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Rediff.com  » Business » US may bar poor nations from cheap AIDS drug

US may bar poor nations from cheap AIDS drug

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March 26, 2004 12:18 IST

The US government is threatening to obstruct low-income countries from accessing generic HIV/AIDS drugs approved by the World Health Organization, a human rights group charged on Friday.

The US, it said, is convening a conference in Botswana on Monday that may challenge WHO's approval of generic copies of patented AIDS drugs.

In a statement, the Human Rights Watch said the drugs in question meet the stringent standards of WHO's technical review for generic drugs but have not been approved by the US Food and Drug Administration.

The US, under pressure from pharmaceutical companies selling the brand-name equivalents, claims instead that "there are no uniform principles, guidelines or international standards addressing the development" of generic drugs- "an assertion that calls into question WHO's widely accepted review process," the US based Watch added.

"WHO has made enormous headway in verifying the quality of generic AIDS drugs that are the only hope for millions of low-income people with AIDS," said Joanne Csete, director of the HIV/AIDS Programme at Human Rights Watch.

"But to protect brand-name pharmaceutical interests, the United States may dash that hope."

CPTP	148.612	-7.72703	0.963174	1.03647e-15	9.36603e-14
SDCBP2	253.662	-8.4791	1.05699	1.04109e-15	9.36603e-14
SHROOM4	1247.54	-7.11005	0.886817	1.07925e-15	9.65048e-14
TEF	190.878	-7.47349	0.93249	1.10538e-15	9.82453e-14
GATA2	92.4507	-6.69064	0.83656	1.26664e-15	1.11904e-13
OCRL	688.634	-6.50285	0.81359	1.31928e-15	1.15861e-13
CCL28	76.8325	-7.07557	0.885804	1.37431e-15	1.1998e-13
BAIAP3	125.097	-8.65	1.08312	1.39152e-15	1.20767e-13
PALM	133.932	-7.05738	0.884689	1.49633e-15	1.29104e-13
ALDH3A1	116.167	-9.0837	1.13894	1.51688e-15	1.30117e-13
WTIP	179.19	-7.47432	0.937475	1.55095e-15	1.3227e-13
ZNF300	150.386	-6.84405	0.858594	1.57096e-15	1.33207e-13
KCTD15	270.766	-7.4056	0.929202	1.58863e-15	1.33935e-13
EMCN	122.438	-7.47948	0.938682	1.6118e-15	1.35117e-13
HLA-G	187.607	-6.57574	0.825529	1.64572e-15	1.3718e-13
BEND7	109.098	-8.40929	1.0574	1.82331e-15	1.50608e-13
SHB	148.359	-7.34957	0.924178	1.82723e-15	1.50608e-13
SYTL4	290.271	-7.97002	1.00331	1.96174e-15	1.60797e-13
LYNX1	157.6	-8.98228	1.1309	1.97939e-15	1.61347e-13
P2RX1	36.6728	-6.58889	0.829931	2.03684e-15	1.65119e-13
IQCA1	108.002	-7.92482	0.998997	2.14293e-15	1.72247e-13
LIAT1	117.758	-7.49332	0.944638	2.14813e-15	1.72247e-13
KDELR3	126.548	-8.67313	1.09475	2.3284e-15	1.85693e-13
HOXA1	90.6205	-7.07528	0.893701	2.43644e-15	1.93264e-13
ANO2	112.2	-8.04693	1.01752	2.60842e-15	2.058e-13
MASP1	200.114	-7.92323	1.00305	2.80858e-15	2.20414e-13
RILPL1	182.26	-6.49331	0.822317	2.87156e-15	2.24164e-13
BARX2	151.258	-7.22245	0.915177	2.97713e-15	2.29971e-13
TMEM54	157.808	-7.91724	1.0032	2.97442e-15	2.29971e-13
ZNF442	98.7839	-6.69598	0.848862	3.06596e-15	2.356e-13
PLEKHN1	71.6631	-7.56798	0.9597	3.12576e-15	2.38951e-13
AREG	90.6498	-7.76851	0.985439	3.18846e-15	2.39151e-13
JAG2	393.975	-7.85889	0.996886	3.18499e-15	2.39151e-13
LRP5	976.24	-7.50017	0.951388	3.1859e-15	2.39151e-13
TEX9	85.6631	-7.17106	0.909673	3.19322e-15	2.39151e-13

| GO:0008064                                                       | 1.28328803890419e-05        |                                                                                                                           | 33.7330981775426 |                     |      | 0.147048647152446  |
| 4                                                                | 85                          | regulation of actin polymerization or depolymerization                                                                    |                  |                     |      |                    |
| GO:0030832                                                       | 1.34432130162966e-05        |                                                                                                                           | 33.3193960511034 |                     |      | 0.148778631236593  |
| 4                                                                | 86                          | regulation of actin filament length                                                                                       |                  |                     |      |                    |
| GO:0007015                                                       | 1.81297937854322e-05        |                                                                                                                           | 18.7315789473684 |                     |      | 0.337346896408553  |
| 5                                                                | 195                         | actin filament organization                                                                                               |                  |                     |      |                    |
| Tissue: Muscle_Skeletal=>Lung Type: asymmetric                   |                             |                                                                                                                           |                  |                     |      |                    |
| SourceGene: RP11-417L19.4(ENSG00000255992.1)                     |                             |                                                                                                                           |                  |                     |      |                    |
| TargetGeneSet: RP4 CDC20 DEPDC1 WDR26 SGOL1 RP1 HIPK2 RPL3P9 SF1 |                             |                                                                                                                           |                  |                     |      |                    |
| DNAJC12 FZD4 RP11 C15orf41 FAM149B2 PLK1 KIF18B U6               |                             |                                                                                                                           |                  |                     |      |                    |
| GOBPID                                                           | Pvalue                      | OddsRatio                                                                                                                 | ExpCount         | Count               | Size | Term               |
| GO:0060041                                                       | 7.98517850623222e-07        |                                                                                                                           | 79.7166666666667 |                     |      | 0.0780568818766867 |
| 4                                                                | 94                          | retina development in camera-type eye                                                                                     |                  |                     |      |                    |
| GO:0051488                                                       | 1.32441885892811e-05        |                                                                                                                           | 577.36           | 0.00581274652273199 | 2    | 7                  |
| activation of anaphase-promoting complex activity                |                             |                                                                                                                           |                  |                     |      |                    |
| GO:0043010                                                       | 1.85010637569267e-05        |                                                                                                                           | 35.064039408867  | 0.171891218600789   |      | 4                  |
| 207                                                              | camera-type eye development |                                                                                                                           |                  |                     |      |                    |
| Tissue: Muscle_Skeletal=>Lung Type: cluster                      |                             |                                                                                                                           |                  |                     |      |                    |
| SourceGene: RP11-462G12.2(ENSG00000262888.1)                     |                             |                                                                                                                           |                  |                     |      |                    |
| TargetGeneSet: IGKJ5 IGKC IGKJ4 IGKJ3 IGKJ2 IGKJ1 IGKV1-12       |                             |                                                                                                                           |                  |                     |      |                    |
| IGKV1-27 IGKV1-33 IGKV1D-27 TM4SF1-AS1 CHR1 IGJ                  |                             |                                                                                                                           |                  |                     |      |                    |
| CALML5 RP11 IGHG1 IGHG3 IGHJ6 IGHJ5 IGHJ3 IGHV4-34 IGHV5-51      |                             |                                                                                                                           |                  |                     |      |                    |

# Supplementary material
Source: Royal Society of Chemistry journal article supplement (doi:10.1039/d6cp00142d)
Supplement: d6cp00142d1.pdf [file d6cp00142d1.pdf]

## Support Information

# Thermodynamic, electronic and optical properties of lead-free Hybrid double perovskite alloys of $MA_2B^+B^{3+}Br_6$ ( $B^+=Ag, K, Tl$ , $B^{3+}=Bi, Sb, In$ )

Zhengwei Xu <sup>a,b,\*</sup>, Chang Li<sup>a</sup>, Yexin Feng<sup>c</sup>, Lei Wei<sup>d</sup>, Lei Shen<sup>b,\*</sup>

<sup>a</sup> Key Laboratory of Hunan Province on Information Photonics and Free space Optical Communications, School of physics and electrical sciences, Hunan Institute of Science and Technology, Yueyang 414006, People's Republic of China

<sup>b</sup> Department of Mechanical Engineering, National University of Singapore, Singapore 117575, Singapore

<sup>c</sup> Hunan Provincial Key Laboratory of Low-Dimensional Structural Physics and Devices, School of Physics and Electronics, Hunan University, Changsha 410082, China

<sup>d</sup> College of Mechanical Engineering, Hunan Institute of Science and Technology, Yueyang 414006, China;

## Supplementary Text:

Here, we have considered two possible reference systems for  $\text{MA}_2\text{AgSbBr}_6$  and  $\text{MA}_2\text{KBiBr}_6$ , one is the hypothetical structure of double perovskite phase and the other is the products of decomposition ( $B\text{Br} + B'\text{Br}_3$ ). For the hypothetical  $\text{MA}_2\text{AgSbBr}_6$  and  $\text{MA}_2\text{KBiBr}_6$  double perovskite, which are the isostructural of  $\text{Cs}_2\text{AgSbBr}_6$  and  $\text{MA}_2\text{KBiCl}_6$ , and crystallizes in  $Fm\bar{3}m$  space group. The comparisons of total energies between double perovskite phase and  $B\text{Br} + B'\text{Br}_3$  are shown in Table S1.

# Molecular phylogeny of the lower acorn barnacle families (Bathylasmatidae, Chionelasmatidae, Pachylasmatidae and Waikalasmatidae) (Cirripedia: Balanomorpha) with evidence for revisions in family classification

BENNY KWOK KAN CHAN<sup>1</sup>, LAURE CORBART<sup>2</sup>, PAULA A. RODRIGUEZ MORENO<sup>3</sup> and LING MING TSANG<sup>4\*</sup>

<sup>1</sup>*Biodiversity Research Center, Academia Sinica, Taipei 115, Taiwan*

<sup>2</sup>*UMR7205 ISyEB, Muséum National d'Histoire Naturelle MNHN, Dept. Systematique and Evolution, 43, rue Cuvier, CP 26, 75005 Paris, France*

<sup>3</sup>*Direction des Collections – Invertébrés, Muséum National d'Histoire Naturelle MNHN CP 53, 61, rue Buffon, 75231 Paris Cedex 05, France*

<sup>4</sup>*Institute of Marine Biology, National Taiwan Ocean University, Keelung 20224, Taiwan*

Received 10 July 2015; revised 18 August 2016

The generic drugs opposed by the US, it stressed, allow people with HIV/AIDS to take only two pills a day, and they are much cheaper than the equivalent brand-name drugs.

The cheapest generic regimen, also endorsed by Doctors Without Borders and other health practitioners, costs $140 per year per patient as opposed to the brand-name equivalent of six pills a day costing at least $600 per year.

Numerous UN bodies, including the Commission on Human Rights, have recognised that access to affordable medicines for HIV/AIDS is essential to the right to health, the Watch said.

Generic drugs, it added, are an integral part of WHO's recently announced "3 by 5" initiative-a plan to ensure access to HIV/AIDS medicines for at least 3 million persons with AIDS by end-2005.

In spite of WHO's approval, Randall Tobias, the US Global AIDS Coordinator, told reporters that the United States is unsure that generic drugs meet the "principles and standards" necessary to qualify for US support for their use.

President George W Bush praised the development of cheaper AIDS drugs in his State of the Union Address in January 2003. But since then, the US government's "presidential emergency programme" on HIV/AIDS has not purchased or promoted the use of generic drugs.

"The United States stands alone in opposing these safe, inexpensive and WHO-certified generic medicines," said Csete.

"The Bush administration should dispel all accusations that it is protecting the interests of brand-name drug companies, and instead it should endorse and purchase these cheaper drugs, which would maximise the return on its investment in fighting AIDS."
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